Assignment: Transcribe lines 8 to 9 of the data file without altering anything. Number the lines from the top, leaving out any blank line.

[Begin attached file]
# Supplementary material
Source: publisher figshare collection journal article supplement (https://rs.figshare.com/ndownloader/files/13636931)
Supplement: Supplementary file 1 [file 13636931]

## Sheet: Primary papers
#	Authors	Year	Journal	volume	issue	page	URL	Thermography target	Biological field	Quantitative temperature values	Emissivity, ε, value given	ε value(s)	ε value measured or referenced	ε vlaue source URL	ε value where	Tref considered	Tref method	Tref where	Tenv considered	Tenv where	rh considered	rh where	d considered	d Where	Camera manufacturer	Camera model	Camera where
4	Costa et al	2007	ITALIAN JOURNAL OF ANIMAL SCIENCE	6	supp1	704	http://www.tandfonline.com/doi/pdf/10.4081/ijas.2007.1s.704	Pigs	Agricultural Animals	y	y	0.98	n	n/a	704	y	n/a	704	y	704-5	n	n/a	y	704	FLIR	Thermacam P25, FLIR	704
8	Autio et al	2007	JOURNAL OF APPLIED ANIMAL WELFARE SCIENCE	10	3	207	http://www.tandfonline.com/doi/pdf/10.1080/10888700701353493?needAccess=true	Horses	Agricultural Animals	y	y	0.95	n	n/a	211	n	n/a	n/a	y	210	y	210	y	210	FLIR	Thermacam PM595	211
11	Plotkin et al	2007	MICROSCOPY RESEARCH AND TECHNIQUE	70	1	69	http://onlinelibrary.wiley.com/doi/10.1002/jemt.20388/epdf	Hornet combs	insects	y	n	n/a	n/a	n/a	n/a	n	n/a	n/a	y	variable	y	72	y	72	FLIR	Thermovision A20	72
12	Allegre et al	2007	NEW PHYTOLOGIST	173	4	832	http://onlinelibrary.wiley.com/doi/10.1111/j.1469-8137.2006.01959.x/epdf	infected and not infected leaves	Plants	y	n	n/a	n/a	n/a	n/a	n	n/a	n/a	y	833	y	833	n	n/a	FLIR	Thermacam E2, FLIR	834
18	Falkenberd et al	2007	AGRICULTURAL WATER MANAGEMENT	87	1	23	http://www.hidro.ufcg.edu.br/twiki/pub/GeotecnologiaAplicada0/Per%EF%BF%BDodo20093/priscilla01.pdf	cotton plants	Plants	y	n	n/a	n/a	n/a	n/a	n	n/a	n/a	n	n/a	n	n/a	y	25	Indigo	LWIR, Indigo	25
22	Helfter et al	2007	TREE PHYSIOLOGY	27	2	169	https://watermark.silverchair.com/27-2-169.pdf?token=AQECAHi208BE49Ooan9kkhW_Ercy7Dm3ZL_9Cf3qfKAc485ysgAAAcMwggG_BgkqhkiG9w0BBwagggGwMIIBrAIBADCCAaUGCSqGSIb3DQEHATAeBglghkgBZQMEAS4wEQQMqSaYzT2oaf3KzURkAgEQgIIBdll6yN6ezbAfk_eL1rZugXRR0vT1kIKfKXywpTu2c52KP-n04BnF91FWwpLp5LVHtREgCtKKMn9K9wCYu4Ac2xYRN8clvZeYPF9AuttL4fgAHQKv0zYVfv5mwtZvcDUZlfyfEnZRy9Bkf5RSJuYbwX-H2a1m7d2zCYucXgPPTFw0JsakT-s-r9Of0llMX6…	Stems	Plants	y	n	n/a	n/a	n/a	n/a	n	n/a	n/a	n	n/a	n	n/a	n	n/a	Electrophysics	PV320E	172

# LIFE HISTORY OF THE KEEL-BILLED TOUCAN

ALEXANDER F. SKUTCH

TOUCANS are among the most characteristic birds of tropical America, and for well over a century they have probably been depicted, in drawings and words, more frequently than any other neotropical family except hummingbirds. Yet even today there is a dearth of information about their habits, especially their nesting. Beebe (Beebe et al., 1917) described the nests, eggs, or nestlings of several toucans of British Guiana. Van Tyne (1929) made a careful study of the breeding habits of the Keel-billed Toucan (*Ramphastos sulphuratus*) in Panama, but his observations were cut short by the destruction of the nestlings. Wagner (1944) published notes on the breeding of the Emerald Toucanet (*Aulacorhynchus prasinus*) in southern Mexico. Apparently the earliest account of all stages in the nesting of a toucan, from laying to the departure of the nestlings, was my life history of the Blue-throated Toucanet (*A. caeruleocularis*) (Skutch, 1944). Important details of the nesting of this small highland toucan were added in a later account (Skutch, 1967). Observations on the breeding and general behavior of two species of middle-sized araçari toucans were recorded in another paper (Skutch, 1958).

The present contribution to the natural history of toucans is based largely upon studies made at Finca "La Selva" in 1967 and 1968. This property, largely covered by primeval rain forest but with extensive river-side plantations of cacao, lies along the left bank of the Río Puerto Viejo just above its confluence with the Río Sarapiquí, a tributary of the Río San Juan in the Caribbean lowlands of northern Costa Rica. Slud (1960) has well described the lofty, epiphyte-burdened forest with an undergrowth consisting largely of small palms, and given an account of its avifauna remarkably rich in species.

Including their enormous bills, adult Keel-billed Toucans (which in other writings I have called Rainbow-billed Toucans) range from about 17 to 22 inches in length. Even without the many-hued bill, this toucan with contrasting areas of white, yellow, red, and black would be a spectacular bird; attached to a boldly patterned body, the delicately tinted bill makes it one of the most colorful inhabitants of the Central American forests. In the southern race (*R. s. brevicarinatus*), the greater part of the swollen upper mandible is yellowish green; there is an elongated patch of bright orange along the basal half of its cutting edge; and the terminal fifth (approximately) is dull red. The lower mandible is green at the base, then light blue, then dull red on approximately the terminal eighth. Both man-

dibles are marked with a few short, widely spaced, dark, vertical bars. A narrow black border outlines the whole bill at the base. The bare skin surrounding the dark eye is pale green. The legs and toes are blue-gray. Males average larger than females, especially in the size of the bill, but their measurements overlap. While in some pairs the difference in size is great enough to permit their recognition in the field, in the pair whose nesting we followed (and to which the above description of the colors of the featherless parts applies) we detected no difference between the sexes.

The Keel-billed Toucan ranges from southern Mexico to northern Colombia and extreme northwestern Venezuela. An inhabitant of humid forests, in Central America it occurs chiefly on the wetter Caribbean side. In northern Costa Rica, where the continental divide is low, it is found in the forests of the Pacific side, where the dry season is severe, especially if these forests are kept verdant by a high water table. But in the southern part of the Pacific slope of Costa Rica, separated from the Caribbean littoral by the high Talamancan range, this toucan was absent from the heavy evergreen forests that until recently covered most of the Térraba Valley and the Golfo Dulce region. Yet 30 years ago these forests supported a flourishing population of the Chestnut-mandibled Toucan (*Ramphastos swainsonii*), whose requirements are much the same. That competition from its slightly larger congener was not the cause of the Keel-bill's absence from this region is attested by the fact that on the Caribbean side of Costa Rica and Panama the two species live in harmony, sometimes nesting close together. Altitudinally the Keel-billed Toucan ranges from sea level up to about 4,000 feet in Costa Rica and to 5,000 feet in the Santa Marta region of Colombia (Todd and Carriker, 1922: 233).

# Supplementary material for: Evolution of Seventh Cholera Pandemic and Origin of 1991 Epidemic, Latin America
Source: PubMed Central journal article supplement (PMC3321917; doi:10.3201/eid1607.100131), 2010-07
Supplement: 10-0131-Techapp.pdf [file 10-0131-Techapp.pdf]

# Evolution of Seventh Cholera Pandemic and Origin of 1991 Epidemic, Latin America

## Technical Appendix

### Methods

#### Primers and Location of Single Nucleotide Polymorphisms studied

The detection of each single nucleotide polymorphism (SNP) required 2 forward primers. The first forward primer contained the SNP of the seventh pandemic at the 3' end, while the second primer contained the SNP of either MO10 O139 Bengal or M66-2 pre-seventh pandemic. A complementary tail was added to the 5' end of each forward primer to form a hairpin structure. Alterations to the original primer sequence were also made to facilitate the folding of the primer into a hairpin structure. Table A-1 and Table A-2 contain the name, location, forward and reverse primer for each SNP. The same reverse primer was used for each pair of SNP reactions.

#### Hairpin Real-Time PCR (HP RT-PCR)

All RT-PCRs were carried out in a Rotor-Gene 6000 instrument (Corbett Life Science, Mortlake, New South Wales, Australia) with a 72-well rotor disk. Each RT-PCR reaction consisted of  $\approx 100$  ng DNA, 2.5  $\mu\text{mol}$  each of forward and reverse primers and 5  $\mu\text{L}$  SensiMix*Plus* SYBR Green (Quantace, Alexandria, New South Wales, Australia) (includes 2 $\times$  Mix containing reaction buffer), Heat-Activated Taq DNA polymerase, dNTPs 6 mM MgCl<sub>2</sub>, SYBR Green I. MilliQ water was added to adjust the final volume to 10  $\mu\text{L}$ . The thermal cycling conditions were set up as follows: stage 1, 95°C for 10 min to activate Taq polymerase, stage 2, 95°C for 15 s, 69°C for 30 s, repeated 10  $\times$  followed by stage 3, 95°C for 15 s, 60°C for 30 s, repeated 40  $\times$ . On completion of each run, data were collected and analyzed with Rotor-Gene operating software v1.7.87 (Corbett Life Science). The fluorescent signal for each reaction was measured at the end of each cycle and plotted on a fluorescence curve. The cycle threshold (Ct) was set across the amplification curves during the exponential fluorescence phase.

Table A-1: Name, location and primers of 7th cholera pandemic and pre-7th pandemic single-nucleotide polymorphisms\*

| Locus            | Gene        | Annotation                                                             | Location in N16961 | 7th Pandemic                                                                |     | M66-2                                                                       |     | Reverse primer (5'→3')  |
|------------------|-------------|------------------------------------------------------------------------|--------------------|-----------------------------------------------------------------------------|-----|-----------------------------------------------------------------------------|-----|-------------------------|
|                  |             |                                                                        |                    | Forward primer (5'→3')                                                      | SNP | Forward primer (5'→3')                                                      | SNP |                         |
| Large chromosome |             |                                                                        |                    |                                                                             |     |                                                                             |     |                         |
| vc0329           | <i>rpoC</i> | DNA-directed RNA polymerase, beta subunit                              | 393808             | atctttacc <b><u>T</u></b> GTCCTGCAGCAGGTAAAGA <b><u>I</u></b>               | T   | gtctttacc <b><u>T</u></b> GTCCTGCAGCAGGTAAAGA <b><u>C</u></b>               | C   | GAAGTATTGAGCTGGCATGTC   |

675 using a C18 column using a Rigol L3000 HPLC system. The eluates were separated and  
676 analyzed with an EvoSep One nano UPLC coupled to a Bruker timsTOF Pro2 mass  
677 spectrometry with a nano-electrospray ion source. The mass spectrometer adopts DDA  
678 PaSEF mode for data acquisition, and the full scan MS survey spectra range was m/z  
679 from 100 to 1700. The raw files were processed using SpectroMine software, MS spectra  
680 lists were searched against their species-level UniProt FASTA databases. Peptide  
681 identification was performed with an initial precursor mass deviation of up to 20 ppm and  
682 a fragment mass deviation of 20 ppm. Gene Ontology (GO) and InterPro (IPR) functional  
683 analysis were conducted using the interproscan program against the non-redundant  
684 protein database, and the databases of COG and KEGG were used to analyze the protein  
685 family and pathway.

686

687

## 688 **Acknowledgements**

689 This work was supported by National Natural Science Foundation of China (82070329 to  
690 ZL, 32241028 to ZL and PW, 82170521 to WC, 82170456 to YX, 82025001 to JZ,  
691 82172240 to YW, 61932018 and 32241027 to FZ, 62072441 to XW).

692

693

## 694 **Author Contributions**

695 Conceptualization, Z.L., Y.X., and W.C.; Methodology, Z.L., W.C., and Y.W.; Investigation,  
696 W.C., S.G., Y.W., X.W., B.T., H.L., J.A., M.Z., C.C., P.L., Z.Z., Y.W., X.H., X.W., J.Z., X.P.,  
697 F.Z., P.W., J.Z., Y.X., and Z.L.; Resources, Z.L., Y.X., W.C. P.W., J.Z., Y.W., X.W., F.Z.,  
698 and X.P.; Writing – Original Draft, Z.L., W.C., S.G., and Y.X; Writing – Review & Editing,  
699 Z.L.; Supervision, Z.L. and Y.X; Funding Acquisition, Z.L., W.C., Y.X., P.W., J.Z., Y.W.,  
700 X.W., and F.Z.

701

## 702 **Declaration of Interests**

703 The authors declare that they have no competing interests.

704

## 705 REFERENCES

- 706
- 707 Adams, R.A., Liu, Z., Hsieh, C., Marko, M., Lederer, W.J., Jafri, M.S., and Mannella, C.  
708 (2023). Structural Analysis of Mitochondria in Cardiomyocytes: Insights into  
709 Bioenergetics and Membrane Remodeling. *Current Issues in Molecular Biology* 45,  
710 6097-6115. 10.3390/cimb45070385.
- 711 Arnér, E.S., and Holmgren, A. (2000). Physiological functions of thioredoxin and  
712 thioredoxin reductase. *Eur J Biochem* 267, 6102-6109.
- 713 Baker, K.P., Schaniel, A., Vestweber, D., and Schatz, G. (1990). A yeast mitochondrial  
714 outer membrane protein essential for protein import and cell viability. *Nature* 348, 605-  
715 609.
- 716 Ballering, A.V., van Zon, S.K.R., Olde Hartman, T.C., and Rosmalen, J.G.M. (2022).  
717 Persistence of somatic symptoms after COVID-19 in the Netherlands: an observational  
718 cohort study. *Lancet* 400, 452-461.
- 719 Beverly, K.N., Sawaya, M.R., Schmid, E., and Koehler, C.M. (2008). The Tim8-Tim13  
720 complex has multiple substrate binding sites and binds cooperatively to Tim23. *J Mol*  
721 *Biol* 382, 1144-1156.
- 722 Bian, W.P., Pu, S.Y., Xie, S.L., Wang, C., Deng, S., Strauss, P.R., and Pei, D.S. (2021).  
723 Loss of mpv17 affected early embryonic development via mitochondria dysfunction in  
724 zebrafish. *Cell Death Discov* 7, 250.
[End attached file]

11	Plotkin et al	2007	MICROSCOPY RESEARCH AND TECHNIQUE	70	1	69	http://onlinelibrary.wiley.com/doi/10.1002/jemt.20388/epdf	Hornet combs	insects	y	n	n/a	n/a	n/a	n/a	n	n/a	n/a	y	variable	y	72	y	72	FLIR	Thermovision A20	72
12	Allegre et al	2007	NEW PHYTOLOGIST	173	4	832	http://onlinelibrary.wiley.com/doi/10.1111/j.1469-8137.2006.01959.x/epdf	infected and not infected leaves	Plants	y	n	n/a	n/a	n/a	n/a	n	n/a	n/a	y	833	y	833	n	n/a	FLIR	Thermacam E2, FLIR	834